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EEOICPA Origin Story – Part One
May 25, 2022
May 25, 2022
America’s research, development, production and testing of more than 70,000 nuclear weapons since World War II largely kept the peace, but also contributed to illnesses and death for more than 100,000 nuclear weapons and uranium workers.
Especially with the competition with the former Soviet Union known as the Cold War, from the 1950s through the 1980s, hundreds of thousands of Americans worked in mines and mills, labs and factories scattered throughout the United States. Indeed, it is estimated that all together, more than a million men and women from the Manhattan Project until today have made American’s nuclear defense possible.
Yet the creation of the world’s deadliest and most powerful weapons required radioactive materials, highly toxic substances and work processes and procedures that often put workers’ health in jeopardy.
For most of the America’s nuclear weapons history, when a worker became sick from radiation or toxic exposure, it was up to each individual worker to seek diagnosis, treatment and possible compensation as best they could. But since nuclear weapons contractors were generally held harmless by government order or legislation, sick workers for the most part just had to get by as best they could.
By the 1990s, with the Cold War winding down, it became obvious to many in the nuclear worker community that they were suffering a disproportionately large number of cancers and other illnesses that had their origins in America’s nuclear weapons complex. Under then Secretary of Energy Bill Richardson, himself a former New Mexico governor who knew well his state’s experience with the hazards of both uranium mining and nuclear weapons lab work, specialized hearings were held throughout the country to learn more from nuclear and uranium workers themselves, the exposures they suffered and the many related cancers and other illnesses that ensued. Those hearings evolved into Federal legislation, and by October 30, 2000 the Energy Employees Occupational Illness Compensation Program Act (EEOICPA) we signed into law. After a slow first couple of years of the program’s administration by the US Department of Energy, the law was amended in 2004 (Part E) to assign the US Department of Labor to process worker claims, as well as to expand covered conditions to any illness shown to have a reasonable probability of causation related to those workplace exposures.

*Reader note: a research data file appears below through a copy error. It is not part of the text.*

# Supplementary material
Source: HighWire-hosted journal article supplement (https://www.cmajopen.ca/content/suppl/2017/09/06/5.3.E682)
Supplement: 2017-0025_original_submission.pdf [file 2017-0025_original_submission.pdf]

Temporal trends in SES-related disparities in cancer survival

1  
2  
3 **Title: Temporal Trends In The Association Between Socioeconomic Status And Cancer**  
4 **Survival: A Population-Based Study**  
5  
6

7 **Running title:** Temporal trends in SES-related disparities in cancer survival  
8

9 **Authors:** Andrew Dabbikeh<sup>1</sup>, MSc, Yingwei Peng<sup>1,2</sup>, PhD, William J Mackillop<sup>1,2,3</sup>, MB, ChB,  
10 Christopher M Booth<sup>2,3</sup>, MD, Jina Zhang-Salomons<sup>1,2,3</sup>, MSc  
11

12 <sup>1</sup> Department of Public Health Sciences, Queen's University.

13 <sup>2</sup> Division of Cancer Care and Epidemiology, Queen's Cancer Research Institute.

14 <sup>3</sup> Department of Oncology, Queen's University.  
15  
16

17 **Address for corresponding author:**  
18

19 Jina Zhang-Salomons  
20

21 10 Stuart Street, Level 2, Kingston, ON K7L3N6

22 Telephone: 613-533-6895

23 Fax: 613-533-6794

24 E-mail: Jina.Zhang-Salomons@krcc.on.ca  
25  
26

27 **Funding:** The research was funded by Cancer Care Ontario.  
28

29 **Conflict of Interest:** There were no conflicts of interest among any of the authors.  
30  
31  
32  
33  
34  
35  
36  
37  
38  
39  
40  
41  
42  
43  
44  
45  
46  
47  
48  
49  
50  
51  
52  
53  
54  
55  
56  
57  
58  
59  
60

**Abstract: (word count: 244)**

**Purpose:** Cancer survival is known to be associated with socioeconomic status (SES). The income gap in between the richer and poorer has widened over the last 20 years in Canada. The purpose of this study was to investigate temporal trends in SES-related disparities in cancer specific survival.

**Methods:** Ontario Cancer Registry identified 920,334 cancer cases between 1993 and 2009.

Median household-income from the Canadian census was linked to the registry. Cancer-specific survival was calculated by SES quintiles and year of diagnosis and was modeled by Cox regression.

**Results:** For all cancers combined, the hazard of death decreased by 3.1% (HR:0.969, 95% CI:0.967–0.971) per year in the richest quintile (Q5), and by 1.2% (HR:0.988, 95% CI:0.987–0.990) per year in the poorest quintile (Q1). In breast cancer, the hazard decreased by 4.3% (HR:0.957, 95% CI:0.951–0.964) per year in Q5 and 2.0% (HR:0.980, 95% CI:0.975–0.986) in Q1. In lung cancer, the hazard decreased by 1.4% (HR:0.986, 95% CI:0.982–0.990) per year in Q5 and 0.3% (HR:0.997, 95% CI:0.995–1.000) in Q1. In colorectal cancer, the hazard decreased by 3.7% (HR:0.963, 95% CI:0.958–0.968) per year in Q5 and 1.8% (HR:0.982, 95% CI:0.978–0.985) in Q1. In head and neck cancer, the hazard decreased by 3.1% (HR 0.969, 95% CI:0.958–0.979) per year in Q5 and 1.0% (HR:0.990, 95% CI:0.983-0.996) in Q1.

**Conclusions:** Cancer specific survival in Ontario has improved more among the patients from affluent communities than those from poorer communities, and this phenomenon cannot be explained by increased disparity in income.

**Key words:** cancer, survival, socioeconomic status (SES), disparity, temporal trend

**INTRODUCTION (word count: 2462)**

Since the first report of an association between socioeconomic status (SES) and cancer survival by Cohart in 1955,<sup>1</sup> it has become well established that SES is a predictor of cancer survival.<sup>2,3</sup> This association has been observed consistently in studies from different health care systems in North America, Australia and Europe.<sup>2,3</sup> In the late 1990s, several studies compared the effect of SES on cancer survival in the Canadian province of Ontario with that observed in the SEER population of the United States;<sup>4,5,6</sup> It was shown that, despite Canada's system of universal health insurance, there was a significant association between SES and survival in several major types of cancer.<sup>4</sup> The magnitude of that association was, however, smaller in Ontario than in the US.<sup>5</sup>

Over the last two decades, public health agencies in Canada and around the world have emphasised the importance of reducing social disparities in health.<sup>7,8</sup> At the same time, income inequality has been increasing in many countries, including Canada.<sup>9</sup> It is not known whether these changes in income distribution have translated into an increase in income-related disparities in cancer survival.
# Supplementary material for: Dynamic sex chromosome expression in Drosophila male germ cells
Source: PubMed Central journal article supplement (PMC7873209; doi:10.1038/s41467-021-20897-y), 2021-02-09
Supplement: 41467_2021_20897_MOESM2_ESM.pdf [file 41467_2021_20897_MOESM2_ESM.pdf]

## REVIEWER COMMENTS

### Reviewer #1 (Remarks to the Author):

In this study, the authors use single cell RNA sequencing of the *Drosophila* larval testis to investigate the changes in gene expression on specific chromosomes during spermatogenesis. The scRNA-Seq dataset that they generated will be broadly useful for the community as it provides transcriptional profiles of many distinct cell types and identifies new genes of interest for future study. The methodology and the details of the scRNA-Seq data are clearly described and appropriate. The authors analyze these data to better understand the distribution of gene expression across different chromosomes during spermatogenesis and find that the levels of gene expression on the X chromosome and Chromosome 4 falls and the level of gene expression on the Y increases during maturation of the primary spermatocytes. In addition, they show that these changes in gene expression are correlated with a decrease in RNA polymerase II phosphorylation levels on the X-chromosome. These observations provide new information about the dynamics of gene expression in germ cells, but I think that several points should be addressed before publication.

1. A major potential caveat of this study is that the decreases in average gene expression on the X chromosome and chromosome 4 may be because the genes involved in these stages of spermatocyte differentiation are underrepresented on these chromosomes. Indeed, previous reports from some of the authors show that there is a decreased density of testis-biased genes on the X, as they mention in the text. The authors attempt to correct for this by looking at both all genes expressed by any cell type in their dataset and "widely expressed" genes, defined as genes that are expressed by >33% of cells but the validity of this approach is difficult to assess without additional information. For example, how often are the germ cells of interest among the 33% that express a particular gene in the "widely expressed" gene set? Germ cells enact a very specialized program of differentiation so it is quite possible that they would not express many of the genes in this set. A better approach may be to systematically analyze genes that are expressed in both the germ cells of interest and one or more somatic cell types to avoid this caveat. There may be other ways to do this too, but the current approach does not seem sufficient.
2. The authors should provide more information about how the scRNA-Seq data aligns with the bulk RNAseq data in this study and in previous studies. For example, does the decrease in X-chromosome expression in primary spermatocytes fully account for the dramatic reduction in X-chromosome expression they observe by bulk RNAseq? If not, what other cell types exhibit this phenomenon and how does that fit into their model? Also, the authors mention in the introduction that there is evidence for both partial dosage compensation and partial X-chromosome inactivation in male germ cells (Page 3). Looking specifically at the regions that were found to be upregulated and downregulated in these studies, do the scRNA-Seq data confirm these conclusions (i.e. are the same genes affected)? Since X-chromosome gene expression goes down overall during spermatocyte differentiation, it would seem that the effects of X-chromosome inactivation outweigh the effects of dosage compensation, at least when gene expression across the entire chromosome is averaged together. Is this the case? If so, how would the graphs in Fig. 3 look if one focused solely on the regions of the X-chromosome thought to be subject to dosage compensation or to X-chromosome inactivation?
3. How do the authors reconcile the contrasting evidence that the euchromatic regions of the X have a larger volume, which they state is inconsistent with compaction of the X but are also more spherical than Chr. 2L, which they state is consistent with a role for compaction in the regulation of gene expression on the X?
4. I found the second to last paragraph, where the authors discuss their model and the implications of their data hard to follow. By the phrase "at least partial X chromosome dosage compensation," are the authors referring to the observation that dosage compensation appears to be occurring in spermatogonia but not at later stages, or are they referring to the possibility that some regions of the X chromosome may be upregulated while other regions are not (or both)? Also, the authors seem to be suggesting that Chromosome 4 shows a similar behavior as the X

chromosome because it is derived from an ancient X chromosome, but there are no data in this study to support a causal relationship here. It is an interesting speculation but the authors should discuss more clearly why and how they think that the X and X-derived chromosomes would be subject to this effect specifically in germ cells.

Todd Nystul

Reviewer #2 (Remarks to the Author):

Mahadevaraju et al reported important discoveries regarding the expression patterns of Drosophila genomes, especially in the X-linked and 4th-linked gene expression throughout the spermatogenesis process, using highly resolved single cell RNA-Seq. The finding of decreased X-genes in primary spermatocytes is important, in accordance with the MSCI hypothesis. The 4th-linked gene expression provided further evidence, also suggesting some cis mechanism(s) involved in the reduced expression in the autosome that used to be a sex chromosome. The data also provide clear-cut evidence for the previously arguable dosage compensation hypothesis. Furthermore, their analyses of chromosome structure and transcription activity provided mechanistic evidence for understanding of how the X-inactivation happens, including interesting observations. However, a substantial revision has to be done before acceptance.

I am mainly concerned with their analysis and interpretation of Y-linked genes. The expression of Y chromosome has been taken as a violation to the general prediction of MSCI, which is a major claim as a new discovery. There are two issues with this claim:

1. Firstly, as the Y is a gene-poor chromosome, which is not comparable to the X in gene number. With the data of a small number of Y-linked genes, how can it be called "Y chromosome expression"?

The scope of the program, originally thought to provide benefits for just a few years, turned out to identify many unmet needs for compensation and health benefits. As of April of 2022, more than 115,000 individuals or their families have been compensated, or used medical benefits with a total value of more than $20 billion dollars. The program will continue to pay compensation and medical benefits as long as claimants present successful claims. That’s an important reason Cold War Patriots, and its Outreach Help Center strives to connect worker claimants and their families with the resources they need to be successful under the program.
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